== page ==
In a somewhat modified embodiment, the tread cage may be fixed relative to the front cleat engaging member, and the rear cleat engaging member may be coupled to the pedal for movement relative to the tread cage. A stopper member may be fixed relative to the rear cleat engaging member, and the tread cage may include an abutment for contacting the stopper member and limiting movement of the stopper member relative to the tread cage. In this embodiment, a tongue may be fixed relative to the rear cleat engaging member so as to extend toward the front cleat engaging member, and the front cleat engaging member may be the tread surface. The cleat may be engaged with the front cleat engaging member and then pressed down onto the tongue for causing the rear cleat engaging member to latch to the rear portion of the cleat.

BRIEF DESCRIPTION OF THE DRAWINGS

FIG. 1 is an oblique view of a particular embodiment of a bicycle pedal according to the present invention;

FIG. 2 is a plan view of the bicycle pedal shown in FIG. 1;

FIG. 3 is a partial cross-sectional view taken along line III--III of FIG. 2;

FIG. 4 is a side view of the bicycle pedal shown in FIG. 1;

FIGS. 5A and 5B illustrate the operation of the bicycle pedal shown in FIG. 1;

FIG. 6 is a side view of an alternative embodiment of a bicycle pedal according to the present invention; and

FIG. 7 is a partial cross-sectional view of a known bicycle shoe illustrating a recessed cleat.

DETAILED DESCRIPTION OF THE EMBODIMENTS

FIG. 1 is an oblique view of a particular embodiment of a bicycle pedal 1 according to the present invention. As shown in FIG. 1, pedal 1 comprises a pedal spindle 3 that is fastened to the crank 2 of a bicycle, a linking member 4 that is rotatably supported by the pedal spindle 3 for linking to a cleat 22 attached to a shoe 21, and a tread cage 5 that is positioned around the linking member 4 and is rotatably supported relative to the linking member 4.

As shown in FIG. 3, the pedal spindle 3 is a multi-step spindle having numerous stepped portions, and the tip thereof rotatably supports the linking member 4 by means of a bearing 10. This bearing 10 has numerous steel balls 11 positioned in alignment in the peripheral direction at a distance in the axial direction from the outer periphery of the tip of the pedal spindle 3. An outer ring 12 houses the steel balls 11. A threaded component 13 that threads into the crank 2 (FIG. 1) is formed at the base end of the pedal spindle 3.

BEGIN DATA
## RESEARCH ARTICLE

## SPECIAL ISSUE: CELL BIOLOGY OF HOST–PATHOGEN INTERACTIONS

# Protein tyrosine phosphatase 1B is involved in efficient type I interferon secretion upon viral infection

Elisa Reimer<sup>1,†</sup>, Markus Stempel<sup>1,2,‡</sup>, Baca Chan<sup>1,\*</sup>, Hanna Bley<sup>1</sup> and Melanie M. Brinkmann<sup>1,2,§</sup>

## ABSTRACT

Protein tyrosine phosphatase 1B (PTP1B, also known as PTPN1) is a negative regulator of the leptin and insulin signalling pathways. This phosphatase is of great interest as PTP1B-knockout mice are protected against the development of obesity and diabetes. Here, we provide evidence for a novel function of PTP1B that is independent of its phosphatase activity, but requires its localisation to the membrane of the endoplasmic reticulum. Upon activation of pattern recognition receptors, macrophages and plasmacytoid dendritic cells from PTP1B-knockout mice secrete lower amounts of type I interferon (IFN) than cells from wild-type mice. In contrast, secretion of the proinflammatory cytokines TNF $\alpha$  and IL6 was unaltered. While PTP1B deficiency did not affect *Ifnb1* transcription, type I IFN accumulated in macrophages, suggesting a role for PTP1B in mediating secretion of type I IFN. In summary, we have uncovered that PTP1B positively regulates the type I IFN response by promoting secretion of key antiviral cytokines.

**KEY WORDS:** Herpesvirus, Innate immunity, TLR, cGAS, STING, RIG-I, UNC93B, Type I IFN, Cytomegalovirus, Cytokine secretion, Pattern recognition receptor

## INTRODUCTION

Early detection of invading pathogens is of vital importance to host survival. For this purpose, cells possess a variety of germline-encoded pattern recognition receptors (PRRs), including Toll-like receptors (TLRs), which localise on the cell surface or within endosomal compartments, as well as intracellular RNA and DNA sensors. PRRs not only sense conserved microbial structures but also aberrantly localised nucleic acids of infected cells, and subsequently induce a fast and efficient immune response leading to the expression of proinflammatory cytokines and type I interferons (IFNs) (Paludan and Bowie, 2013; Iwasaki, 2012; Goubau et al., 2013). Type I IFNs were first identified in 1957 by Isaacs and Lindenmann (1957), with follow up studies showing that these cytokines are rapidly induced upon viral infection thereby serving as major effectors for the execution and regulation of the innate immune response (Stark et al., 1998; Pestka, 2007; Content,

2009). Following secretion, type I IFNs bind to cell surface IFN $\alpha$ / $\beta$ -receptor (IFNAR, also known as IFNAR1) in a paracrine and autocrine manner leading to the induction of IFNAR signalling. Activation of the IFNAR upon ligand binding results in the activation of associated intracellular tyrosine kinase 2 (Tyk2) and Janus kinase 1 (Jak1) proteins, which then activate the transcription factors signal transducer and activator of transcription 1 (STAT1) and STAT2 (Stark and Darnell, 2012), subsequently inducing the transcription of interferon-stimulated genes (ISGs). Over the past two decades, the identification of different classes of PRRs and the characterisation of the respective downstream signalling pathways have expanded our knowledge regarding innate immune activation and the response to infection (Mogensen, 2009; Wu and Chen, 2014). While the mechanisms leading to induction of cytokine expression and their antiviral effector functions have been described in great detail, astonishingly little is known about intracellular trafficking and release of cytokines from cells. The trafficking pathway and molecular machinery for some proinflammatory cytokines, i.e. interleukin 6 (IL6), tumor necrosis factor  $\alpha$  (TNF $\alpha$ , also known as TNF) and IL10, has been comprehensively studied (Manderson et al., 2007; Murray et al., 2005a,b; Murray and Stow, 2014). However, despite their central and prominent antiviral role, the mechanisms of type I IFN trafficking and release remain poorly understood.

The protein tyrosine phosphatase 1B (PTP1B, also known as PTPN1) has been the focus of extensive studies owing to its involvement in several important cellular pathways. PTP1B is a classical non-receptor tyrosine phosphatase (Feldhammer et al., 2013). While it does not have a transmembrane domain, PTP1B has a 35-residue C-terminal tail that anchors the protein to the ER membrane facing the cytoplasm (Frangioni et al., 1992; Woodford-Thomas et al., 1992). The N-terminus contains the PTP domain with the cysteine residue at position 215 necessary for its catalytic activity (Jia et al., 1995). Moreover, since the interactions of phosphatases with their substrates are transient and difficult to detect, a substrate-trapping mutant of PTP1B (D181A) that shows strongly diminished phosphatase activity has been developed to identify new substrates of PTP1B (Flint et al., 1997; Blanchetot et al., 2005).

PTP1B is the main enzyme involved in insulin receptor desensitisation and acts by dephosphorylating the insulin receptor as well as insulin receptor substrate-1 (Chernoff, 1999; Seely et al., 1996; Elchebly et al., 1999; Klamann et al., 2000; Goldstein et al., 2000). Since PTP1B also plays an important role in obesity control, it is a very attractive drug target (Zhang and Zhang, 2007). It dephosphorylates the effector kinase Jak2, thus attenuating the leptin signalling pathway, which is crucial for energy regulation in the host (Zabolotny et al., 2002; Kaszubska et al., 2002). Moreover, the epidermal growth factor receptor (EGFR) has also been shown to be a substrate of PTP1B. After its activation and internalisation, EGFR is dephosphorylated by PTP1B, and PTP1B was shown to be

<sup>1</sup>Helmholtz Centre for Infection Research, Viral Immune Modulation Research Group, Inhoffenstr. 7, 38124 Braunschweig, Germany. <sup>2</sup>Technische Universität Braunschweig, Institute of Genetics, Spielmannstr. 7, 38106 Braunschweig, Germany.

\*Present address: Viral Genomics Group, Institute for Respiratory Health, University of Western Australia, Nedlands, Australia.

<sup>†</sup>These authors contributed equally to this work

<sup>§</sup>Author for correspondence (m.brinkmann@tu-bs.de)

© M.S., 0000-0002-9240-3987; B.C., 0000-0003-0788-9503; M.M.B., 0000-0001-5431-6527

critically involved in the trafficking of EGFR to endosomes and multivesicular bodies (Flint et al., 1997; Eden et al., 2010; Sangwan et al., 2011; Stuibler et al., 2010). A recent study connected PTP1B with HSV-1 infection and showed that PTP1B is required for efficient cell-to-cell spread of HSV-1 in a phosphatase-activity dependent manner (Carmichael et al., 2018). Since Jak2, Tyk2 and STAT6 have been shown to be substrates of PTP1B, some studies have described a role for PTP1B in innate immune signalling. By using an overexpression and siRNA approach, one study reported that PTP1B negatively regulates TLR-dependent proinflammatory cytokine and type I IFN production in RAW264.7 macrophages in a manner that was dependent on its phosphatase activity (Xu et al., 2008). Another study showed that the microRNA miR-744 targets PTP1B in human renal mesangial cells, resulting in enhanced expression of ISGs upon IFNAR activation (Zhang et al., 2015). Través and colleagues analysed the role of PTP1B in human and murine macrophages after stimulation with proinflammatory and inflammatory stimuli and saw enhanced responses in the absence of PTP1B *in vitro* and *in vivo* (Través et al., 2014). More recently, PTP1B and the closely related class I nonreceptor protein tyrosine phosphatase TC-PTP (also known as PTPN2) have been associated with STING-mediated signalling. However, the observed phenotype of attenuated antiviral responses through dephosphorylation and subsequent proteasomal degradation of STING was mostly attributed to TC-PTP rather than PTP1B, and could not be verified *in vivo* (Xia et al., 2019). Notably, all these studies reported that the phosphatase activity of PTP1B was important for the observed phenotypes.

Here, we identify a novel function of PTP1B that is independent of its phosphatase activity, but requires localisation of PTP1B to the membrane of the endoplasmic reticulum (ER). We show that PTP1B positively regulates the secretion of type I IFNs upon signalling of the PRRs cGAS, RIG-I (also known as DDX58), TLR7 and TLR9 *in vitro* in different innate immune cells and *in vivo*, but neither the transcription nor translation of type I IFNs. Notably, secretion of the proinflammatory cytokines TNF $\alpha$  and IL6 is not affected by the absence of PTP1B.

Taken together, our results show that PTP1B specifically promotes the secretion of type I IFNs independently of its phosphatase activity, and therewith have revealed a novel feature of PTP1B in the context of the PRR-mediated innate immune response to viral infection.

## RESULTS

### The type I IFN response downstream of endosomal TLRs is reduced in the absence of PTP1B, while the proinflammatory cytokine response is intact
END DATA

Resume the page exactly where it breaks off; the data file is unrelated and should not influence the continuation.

As shown in FIGS. 1 through 4, the linking member 4 has a support in the form of an outer tube 15 that is rotatably supported by the pedal spindle 3 and on the inside of which is fitted the outer ring 12, an inner tube 16 that is fitted into the outer tube 15 such that its end is in contact with the outer ring 12, and a cleat engagement mechanism 17. The outer tube 15 and the inner tube 16 are concentrically arranged around the outside of the pedal spindle 3. The base end of the inner tube 16 projects out from the outer tube 15 on the crank 2 side at the same diameter as the outer tube 15. A pair of stopper members 20 that extend in the longitudinal direction (forward and backward) are provided around the outside of the outer tube 15 on opposite sides of the cleat engaging mechanism. Between the pair of stopper members 20, the outer tube 15 defines an engagement fixing surface 18 that serves to fix the cleat engagement mechanism 17. As shown in FIG. 2, a pin 25 extends from the front side surface of one of the stopper members 20, and a helical spring 26 is wound around the outside of the pin 25. One end of this spring is engaged with the stopper member 20, and the other end is engaged with the tread cage 5. This helical spring 26 biases the linking member 4 counterclockwise relative to the tread cage 5 as shown in FIG. 5A.

The cleat engagement mechanism 17 engages the pedal 1 with the cleat 22 attached to the sole of a bicycle shoe 21. The cleat engagement mechanism 17 has a front cleat engagement member 30 that engages the front of the cleat and a rear cleat engagement member 31 that engages the rear of the cleat. The front cleat engagement member 30 is symmetrical on the left and right. Cleat engagement member 30 has a fixed member 32 that is fixed to the engagement fixing surface 18, and a cleat clamping member 33 that curves out in a U shape above the front of the fixed member 32. A rotation stopper 34 that extends rearward is formed at the rear of the fixed member 32, and a pair of cleat supports 35 and 36 extend to the right and left in the center of the fixed member 32 with a space between them in the forward and backward direction. In the fixed member 32, a movement restricting stopper 37 that restricts the forward movement of the cleat is formed such that it curves upward between the cleat clamping member 33 and the cleat support 35.